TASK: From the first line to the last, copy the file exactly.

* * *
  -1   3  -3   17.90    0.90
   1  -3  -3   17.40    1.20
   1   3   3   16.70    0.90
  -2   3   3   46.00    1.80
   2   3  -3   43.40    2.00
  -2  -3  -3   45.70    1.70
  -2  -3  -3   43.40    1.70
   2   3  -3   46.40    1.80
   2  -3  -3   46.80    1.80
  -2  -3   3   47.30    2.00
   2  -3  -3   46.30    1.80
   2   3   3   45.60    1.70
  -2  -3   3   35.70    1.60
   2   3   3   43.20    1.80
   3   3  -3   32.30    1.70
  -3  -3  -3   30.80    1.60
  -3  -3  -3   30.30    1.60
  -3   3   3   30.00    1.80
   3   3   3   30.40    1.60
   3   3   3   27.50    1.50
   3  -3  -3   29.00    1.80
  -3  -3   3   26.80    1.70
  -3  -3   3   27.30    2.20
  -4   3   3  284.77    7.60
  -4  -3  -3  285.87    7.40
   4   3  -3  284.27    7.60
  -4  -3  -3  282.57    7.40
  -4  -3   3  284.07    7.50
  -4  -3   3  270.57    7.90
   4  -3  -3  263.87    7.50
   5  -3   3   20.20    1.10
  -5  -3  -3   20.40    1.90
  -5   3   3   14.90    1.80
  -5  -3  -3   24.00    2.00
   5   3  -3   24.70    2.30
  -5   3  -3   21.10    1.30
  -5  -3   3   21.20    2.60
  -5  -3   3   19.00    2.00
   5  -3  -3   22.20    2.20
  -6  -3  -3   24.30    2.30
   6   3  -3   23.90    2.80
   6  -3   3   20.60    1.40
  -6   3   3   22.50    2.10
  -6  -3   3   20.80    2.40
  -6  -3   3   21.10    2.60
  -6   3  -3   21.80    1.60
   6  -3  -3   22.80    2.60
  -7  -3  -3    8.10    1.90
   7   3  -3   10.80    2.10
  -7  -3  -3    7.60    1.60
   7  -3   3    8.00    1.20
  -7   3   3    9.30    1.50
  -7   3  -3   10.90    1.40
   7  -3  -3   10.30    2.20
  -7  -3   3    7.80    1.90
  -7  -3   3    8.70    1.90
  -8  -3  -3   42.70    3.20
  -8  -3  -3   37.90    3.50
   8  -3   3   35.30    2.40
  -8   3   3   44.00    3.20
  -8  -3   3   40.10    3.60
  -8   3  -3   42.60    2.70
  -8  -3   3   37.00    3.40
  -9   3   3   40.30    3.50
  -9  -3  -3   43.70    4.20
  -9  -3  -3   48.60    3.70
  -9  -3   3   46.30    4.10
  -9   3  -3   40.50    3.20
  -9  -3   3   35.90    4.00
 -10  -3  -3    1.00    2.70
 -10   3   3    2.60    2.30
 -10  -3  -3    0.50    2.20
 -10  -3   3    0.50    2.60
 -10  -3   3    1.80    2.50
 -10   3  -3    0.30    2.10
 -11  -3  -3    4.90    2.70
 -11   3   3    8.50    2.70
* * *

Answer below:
  -1   3  -3   17.90    0.90
   1  -3  -3   17.40    1.20
   1   3   3   16.70    0.90
  -2   3   3   46.00    1.80
   2   3  -3   43.40    2.00
  -2  -3  -3   45.70    1.70
  -2  -3  -3   43.40    1.70
   2   3  -3   46.40    1.80
   2  -3  -3   46.80    1.80
  -2  -3   3   47.30    2.00
   2  -3  -3   46.30    1.80
   2   3   3   45.60    1.70
  -2  -3   3   35.70    1.60
   2   3   3   43.20    1.80
   3   3  -3   32.30    1.70
  -3  -3  -3   30.80    1.60
  -3  -3  -3   30.30    1.60
  -3   3   3   30.00    1.80
   3   3   3   30.40    1.60
   3   3   3   27.50    1.50
   3  -3  -3   29.00    1.80
  -3  -3   3   26.80    1.70
  -3  -3   3   27.30    2.20
  -4   3   3  284.77    7.60
  -4  -3  -3  285.87    7.40
   4   3  -3  284.27    7.60
  -4  -3  -3  282.57    7.40
  -4  -3   3  284.07    7.50
  -4  -3   3  270.57    7.90
   4  -3  -3  263.87    7.50
   5  -3   3   20.20    1.10
  -5  -3  -3   20.40    1.90
  -5   3   3   14.90    1.80
  -5  -3  -3   24.00    2.00
   5   3  -3   24.70    2.30
  -5   3  -3   21.10    1.30
  -5  -3   3   21.20    2.60
  -5  -3   3   19.00    2.00
   5  -3  -3   22.20    2.20
  -6  -3  -3   24.30    2.30
   6   3  -3   23.90    2.80
   6  -3   3   20.60    1.40
  -6   3   3   22.50    2.10
  -6  -3   3   20.80    2.40
  -6  -3   3   21.10    2.60
  -6   3  -3   21.80    1.60
   6  -3  -3   22.80    2.60
  -7  -3  -3    8.10    1.90
   7   3  -3   10.80    2.10
  -7  -3  -3    7.60    1.60
   7  -3   3    8.00    1.20
  -7   3   3    9.30    1.50
  -7   3  -3   10.90    1.40
   7  -3  -3   10.30    2.20
  -7  -3   3    7.80    1.90
  -7  -3   3    8.70    1.90
  -8  -3  -3   42.70    3.20
  -8  -3  -3   37.90    3.50
   8  -3   3   35.30    2.40
  -8   3   3   44.00    3.20
  -8  -3   3   40.10    3.60
  -8   3  -3   42.60    2.70
  -8  -3   3   37.00    3.40
  -9   3   3   40.30    3.50
  -9  -3  -3   43.70    4.20
  -9  -3  -3   48.60    3.70
  -9  -3   3   46.30    4.10
  -9   3  -3   40.50    3.20
  -9  -3   3   35.90    4.00
 -10  -3  -3    1.00    2.70
 -10   3   3    2.60    2.30
 -10  -3  -3    0.50    2.20
 -10  -3   3    0.50    2.60
 -10  -3   3    1.80    2.50
 -10   3  -3    0.30    2.10
 -11  -3  -3    4.90    2.70
 -11   3   3    8.50    2.70